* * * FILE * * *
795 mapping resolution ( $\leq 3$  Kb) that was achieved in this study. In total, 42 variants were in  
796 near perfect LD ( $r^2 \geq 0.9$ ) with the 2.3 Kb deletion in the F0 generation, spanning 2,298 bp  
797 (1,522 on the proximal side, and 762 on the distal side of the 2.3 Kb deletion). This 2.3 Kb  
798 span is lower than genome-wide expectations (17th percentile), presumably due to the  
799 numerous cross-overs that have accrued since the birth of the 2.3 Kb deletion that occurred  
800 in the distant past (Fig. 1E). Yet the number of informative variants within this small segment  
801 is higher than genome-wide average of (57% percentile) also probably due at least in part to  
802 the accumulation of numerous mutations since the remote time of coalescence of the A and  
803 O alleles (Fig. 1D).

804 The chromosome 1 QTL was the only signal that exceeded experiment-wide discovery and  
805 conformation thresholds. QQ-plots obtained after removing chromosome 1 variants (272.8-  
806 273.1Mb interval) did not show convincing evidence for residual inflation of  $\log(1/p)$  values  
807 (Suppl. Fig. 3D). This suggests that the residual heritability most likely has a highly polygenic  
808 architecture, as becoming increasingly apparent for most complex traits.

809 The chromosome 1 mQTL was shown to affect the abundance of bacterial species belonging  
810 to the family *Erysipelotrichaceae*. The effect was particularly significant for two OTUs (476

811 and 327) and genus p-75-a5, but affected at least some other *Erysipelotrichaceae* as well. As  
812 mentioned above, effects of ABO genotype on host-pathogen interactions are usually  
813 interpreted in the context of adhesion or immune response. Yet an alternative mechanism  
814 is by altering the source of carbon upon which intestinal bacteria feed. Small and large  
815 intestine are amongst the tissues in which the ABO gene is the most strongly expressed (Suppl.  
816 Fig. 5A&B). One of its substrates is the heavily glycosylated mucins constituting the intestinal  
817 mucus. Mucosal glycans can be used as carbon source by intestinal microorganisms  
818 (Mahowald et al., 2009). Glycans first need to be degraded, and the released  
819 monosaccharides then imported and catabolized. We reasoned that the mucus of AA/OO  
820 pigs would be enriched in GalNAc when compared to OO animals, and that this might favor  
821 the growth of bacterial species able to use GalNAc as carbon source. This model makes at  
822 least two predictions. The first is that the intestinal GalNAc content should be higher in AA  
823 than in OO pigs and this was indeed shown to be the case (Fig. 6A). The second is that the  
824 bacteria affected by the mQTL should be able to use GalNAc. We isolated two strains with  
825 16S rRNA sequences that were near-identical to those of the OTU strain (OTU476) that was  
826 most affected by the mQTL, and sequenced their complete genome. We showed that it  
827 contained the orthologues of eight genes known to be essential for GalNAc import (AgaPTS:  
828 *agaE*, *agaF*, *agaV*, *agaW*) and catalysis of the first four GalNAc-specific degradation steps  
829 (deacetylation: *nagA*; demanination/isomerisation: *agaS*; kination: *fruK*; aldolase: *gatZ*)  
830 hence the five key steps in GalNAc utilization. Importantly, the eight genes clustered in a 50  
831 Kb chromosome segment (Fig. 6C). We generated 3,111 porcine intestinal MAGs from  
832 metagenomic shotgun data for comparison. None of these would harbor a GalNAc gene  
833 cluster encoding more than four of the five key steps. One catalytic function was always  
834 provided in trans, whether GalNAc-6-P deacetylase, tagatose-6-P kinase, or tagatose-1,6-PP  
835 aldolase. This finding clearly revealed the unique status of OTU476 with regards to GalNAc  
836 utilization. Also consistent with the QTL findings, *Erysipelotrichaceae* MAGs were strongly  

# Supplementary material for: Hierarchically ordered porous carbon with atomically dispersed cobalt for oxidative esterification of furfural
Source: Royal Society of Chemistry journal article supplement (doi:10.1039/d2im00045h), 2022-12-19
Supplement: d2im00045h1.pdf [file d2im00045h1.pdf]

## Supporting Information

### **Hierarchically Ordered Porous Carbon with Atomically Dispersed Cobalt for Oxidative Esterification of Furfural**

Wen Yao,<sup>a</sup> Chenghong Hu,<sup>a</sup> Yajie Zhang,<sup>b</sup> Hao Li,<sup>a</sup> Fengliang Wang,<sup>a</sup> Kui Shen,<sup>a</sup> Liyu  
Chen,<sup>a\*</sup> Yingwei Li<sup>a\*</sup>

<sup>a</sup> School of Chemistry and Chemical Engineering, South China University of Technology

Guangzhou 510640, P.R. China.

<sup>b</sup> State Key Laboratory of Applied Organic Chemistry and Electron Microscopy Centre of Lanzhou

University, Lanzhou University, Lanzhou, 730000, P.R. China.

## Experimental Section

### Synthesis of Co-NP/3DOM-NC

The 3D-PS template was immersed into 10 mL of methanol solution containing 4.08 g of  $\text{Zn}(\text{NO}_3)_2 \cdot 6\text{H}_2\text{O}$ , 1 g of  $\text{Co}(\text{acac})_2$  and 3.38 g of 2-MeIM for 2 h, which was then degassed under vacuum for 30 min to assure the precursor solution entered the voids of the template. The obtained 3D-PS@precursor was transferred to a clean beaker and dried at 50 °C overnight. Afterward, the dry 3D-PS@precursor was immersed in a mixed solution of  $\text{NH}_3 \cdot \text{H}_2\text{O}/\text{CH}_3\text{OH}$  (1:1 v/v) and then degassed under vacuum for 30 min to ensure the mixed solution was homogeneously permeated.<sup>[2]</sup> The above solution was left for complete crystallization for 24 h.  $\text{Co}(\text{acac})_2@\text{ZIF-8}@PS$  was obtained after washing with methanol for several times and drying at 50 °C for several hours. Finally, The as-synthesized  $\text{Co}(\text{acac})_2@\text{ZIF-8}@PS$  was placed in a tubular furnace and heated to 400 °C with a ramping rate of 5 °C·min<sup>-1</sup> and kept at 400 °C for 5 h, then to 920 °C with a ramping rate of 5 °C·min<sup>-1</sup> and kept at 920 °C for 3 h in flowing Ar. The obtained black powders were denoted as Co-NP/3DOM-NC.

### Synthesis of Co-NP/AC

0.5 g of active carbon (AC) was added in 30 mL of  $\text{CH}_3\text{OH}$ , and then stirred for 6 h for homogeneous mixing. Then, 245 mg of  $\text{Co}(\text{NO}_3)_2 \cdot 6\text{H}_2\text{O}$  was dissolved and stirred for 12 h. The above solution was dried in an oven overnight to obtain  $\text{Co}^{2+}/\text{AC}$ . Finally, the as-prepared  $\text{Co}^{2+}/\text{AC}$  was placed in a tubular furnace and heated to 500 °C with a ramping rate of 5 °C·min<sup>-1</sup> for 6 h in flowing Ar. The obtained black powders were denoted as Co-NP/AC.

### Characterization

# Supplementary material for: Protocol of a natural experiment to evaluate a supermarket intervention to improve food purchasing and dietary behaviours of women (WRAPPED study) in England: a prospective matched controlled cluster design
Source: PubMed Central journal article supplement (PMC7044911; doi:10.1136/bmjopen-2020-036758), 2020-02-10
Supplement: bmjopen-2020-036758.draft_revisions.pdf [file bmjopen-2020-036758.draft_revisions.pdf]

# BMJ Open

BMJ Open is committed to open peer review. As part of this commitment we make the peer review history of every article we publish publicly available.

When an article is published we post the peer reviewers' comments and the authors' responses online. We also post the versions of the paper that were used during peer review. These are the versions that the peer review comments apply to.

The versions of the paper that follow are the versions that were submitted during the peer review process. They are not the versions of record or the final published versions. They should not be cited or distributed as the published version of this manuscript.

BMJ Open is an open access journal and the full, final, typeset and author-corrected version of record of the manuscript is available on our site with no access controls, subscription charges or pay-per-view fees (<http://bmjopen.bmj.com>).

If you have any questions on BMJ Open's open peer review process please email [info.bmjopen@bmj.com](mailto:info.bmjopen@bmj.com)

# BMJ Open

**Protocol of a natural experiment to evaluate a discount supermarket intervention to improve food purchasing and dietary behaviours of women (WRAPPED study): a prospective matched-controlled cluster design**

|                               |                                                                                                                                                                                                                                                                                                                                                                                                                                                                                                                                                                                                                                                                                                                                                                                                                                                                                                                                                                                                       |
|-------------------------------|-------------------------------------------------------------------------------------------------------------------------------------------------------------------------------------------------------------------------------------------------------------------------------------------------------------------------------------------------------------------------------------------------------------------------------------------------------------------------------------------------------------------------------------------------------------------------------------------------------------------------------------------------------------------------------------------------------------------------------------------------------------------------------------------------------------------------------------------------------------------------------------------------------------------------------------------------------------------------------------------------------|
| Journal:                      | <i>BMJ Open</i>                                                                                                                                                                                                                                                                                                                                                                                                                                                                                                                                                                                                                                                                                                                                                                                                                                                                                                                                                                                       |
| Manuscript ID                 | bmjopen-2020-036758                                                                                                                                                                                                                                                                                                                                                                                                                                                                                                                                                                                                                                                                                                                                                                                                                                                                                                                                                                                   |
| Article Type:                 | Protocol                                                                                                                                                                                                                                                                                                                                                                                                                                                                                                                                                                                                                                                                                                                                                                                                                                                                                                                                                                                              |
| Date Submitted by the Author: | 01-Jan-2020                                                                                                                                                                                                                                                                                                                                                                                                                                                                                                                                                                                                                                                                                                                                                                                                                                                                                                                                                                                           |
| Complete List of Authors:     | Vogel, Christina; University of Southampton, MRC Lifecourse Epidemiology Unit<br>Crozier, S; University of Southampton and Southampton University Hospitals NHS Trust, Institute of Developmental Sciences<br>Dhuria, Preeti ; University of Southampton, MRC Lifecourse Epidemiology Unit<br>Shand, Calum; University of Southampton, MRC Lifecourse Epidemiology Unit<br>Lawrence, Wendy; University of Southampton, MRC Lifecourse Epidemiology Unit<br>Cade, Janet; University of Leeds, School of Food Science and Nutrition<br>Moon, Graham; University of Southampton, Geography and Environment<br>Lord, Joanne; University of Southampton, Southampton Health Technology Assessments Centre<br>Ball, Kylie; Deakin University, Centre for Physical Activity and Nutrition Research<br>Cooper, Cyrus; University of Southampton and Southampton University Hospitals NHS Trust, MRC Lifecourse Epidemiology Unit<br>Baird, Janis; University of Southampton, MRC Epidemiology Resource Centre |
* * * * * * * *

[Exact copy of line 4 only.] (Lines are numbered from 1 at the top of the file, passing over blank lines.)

798 span is lower than genome-wide expectations (17th percentile), presumably due to the  